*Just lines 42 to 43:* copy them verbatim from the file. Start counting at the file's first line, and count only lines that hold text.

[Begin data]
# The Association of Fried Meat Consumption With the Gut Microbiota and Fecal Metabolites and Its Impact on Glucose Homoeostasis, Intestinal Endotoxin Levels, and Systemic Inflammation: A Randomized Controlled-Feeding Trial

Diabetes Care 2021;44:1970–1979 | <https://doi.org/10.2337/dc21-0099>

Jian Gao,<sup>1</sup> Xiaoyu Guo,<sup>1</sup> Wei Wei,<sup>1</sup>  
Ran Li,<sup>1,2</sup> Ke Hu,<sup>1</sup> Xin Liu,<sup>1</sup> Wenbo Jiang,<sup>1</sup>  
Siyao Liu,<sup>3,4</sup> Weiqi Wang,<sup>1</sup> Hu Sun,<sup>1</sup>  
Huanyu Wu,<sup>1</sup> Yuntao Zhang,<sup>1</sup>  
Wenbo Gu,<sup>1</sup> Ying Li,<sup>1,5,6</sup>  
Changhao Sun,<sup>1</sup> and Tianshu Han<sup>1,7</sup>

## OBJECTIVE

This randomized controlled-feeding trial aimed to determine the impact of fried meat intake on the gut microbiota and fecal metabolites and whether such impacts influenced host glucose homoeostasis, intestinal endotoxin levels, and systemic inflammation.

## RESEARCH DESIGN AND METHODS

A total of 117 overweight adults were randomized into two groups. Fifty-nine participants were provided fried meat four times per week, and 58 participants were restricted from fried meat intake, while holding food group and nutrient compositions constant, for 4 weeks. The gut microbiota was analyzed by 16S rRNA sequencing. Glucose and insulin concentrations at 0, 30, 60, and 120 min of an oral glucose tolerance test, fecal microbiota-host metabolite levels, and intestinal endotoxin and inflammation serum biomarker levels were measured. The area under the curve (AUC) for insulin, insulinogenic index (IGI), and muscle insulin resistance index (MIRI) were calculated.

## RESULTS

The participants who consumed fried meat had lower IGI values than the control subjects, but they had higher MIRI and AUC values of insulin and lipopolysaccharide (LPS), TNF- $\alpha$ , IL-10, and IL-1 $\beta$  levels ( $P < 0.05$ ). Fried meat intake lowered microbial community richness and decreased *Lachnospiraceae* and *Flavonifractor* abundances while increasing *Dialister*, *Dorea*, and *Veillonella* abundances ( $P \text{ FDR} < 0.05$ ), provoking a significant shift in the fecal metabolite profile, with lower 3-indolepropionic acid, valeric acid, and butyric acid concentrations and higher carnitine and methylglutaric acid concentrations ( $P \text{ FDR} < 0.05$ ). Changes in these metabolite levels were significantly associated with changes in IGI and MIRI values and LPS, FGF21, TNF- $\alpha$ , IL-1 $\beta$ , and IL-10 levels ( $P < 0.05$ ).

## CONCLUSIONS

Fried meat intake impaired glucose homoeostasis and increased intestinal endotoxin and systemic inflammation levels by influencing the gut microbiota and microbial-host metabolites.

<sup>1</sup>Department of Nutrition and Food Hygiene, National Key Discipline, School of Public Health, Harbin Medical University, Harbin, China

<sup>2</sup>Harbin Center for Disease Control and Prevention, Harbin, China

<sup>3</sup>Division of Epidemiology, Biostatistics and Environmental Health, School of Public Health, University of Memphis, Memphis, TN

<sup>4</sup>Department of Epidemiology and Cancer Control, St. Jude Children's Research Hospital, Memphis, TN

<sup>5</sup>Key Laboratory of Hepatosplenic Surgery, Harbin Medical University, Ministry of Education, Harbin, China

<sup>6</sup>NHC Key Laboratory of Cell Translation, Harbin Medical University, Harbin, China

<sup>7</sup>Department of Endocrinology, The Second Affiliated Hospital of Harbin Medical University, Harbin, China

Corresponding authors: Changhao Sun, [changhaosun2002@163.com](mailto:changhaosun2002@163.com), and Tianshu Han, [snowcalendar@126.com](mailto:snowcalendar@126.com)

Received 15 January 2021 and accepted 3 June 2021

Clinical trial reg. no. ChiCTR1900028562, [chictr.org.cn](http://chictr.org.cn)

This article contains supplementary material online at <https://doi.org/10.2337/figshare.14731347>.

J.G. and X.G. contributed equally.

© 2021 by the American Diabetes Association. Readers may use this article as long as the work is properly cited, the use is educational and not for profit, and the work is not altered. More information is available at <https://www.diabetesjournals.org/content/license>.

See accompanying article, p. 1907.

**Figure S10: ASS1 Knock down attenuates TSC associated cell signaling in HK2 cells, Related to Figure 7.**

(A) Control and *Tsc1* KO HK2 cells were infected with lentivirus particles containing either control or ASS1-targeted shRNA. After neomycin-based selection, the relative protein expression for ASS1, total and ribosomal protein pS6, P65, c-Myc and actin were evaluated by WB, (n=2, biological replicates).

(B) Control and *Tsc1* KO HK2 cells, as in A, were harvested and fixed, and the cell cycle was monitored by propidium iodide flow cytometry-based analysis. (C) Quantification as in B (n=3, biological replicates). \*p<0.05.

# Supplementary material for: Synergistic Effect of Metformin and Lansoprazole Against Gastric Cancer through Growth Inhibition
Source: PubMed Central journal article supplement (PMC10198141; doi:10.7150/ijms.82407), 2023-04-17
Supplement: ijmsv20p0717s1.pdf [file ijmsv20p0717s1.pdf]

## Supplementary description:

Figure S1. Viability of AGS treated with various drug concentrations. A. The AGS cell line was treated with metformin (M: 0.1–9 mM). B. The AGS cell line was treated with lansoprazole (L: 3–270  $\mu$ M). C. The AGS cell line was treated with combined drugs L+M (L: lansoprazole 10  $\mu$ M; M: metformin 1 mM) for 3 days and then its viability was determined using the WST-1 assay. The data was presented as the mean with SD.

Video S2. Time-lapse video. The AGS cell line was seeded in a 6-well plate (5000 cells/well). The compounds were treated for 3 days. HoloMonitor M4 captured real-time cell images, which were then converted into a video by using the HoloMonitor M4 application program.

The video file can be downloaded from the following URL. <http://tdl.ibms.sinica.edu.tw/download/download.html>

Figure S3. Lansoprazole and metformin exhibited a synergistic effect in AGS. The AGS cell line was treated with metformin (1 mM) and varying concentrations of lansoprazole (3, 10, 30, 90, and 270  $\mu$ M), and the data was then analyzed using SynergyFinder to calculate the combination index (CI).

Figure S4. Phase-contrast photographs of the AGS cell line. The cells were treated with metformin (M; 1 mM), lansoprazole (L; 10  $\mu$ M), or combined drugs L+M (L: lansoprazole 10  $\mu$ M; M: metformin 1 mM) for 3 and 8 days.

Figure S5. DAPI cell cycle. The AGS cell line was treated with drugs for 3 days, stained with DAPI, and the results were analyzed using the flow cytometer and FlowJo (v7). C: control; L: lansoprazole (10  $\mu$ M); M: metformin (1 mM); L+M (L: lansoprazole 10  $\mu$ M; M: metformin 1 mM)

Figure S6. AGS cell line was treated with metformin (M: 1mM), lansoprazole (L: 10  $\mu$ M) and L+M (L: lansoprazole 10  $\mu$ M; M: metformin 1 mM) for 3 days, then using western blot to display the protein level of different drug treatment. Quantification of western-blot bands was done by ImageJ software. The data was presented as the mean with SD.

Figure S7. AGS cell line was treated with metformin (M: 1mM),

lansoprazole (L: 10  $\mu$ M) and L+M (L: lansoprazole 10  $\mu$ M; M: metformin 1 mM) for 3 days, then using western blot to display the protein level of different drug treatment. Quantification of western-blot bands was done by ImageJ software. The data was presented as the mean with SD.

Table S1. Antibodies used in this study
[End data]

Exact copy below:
Figure S4. Phase-contrast photographs of the AGS cell line. The cells were treated with metformin (M; 1 mM), lansoprazole (L; 10  $\mu$ M), or combined drugs L+M (L: lansoprazole 10  $\mu$ M; M: metformin 1 mM) for 3 and 8 days.

Figure S5. DAPI cell cycle. The AGS cell line was treated with drugs for 3 days, stained with DAPI, and the results were analyzed using the flow cytometer and FlowJo (v7). C: control; L: lansoprazole (10  $\mu$ M); M: metformin (1 mM); L+M (L: lansoprazole 10  $\mu$ M; M: metformin 1 mM)